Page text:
Lessons in Leadership: Integrating Courage, Vision, and Innovation for the Future of Sustainable Fisheries
All I Really Need to Know I Learned in Kindergarten from Mentoring
Hanna Kruckman and Jessica Mistak
Leadership can take many forms, but the common denominator that unites all leadership styles is people. Brené Brown (2012) defines a leader as “anyone who takes responsibility for finding the potential in people and processes and has the courage to develop that potential.” We can think of no better harnesser of human potential than a mentor. While leadership courses introduce you to tools and techniques needed to be an effective leader and provide invaluable training, we have found that the most profound lessons on how to be a leader—a really thoughtful leader, a leader who holds him or herself accountable—come from mentoring relationships.
The two of us began our mentor–mentee relationship in 2011 when Hanna was selected for the Janice Lee Fenske Fellowship in Fisheries at Michigan State University. The fellowship required collaboration with mentors to complete a project that addressed a current fisheries issue. Jess, a long-standing member of the Fenske Fellowship Committee and a fisheries biologist with the Michigan Department of Natural Resources, was looking for an opportunity to mentor a student when Hanna came along. Our mentoring relationship has continued and significantly evolved since then. Now, instead of standard mentor and mentee roles, our relationship is peer-to-peer and either of us takes on the role of mentor or mentee depending on the subject matter and circumstances. At one point, we had a formal relationship with an outside mentor, placing us both in the mentee role. Mentoring is adaptable, and you may often find relationships evolving to mirror developments in your personal and professional life.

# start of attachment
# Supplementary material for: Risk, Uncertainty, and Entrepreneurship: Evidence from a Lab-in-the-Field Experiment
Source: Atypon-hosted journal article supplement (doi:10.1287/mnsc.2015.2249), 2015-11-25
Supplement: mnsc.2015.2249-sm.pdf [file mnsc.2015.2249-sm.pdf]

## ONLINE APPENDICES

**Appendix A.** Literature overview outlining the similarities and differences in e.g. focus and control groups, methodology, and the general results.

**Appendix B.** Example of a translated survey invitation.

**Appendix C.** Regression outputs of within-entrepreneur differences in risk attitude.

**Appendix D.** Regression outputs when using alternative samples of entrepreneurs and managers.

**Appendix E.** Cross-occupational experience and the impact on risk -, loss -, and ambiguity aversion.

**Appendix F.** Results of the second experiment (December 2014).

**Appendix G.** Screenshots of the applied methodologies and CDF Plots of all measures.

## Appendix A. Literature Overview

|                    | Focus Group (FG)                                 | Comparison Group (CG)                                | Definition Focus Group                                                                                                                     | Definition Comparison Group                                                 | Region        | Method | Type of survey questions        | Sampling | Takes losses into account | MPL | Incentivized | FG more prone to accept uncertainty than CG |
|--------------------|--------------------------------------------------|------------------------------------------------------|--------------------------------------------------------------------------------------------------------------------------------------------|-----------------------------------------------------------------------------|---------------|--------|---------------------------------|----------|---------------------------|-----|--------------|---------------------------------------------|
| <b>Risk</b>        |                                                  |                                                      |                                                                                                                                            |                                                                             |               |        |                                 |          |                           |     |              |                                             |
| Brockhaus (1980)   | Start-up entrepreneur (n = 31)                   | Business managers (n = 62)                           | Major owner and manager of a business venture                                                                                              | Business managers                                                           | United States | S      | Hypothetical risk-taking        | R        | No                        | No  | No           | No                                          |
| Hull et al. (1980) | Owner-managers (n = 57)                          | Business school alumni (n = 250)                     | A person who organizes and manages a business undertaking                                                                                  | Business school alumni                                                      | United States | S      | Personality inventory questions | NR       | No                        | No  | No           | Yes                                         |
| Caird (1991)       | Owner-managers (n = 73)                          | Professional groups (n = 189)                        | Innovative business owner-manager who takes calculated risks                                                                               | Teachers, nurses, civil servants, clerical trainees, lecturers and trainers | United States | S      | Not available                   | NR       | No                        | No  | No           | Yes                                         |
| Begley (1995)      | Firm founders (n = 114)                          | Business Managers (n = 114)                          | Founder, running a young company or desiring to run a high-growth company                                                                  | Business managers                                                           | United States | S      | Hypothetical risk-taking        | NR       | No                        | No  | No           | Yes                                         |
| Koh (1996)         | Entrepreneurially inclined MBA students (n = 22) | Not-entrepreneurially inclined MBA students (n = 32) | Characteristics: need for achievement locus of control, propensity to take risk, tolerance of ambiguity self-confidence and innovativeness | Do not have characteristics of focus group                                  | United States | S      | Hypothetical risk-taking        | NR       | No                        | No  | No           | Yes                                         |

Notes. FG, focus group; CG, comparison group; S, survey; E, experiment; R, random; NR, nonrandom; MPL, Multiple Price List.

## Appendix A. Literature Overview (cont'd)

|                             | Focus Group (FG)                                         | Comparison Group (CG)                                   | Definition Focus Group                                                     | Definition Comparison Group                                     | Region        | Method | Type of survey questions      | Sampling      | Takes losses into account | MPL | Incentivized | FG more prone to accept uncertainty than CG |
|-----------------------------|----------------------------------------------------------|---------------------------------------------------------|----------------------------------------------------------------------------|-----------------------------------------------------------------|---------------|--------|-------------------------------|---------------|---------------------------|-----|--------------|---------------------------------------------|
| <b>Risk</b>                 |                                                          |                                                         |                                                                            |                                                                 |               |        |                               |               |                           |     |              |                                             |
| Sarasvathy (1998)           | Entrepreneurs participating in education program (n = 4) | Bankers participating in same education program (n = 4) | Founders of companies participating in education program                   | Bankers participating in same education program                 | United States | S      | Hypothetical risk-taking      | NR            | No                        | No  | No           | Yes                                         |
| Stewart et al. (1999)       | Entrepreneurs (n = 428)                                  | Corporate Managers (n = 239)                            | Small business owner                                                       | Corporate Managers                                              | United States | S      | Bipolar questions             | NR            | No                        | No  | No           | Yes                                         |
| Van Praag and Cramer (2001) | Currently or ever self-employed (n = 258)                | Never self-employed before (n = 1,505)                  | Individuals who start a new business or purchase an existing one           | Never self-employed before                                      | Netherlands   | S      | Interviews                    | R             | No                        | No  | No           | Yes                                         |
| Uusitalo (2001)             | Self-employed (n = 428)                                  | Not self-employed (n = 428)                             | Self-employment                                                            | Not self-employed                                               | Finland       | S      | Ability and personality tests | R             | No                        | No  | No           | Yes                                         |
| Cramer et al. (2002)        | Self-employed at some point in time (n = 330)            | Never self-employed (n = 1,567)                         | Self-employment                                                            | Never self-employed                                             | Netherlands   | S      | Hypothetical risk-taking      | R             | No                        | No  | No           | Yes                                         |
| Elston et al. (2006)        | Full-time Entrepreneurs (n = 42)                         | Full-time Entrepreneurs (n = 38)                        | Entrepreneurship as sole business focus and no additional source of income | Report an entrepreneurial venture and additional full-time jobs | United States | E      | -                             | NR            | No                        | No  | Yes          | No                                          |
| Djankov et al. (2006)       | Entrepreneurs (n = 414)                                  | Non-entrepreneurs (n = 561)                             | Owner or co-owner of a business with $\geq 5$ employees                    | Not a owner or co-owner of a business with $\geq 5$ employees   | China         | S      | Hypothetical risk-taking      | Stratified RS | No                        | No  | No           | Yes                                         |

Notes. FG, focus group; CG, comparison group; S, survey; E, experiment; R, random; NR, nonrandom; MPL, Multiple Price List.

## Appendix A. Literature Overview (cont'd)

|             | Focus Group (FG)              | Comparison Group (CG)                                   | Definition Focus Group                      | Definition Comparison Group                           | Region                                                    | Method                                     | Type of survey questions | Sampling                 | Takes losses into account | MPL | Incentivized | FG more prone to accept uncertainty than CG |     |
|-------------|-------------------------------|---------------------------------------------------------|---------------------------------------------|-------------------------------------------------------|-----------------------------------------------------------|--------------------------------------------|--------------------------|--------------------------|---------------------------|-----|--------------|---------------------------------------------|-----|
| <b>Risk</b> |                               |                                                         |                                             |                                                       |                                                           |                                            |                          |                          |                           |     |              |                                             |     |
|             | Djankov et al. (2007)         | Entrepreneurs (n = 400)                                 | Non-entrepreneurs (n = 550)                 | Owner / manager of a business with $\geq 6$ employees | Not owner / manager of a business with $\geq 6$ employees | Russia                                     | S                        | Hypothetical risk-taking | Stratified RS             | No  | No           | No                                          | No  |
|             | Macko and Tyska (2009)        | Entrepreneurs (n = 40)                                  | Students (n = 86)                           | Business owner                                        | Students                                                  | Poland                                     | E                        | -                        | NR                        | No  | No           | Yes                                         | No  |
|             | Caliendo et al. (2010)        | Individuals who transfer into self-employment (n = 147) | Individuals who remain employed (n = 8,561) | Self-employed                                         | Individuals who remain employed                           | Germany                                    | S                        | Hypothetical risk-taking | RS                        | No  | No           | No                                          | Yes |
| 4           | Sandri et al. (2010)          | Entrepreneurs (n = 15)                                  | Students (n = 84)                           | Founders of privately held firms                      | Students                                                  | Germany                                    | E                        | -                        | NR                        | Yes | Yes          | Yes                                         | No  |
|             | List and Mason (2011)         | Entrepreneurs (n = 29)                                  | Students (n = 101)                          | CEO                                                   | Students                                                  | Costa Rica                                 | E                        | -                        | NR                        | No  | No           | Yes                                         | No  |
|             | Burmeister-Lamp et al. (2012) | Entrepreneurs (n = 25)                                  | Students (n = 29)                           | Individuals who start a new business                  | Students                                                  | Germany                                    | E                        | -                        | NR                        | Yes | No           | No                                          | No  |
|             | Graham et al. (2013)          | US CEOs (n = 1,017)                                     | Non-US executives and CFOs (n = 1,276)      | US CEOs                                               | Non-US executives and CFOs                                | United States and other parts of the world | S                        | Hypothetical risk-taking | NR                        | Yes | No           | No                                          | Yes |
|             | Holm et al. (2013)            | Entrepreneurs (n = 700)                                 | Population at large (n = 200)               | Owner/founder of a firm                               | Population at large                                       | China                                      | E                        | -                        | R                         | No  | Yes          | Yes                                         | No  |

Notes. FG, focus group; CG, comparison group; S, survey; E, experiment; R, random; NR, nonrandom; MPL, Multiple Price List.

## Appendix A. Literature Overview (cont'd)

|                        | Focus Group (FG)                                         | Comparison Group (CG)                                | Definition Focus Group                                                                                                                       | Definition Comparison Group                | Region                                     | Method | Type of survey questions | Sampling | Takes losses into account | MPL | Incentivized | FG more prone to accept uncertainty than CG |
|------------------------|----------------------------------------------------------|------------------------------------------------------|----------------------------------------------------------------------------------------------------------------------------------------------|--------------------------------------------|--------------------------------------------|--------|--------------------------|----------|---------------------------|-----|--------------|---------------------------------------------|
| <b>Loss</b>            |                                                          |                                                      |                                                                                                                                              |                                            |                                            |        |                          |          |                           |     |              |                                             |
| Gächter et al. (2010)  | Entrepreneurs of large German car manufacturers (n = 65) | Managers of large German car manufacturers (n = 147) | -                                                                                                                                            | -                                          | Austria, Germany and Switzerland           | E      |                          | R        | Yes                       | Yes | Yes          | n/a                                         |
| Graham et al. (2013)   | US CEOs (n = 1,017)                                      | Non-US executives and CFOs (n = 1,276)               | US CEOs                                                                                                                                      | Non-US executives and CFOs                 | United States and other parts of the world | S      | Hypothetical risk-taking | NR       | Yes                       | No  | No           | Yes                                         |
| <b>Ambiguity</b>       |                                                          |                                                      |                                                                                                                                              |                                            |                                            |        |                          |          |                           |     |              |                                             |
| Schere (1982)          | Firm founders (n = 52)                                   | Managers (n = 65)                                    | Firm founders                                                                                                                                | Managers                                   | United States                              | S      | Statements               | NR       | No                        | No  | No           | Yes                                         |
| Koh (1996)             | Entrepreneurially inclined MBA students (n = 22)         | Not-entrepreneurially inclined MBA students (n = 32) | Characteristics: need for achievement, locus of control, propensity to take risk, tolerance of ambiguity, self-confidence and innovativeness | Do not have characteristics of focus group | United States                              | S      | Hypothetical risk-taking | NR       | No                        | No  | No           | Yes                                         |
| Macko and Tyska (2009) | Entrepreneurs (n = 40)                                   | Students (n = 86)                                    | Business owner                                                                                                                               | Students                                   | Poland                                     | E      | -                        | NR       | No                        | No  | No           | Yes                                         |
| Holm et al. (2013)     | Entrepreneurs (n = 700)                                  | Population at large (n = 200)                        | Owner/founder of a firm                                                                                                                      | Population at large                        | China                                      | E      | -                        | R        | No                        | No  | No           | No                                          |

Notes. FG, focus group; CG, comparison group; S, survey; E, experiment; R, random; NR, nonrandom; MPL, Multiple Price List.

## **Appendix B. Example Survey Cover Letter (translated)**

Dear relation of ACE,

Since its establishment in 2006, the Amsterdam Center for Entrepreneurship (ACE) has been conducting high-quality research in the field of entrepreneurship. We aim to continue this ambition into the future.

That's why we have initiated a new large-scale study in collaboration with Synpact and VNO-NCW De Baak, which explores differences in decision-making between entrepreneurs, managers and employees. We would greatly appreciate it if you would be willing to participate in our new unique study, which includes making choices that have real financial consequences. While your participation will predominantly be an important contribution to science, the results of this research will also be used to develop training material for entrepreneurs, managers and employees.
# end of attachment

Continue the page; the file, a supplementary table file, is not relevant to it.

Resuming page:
Mentoring relationships can range from informal to formal and can last for a few weeks to a lifetime. Before starting a mentorship, establish expectations. For example, are you looking for mentorship or sponsorship? According to the American Fisheries Society’s “Guide to Mentoring,” “a mentor is someone who takes a special interest in helping another person develop into a successful professional” (AFS, no date) Sponsorship, “is advocacy by someone highly placed in the organization who can help open the door for career advancement” (Foust-Cummings et al. 2011). These terms may sound similar but, if not clarified, they can offset the trajectory of your relationship and hinder its progress.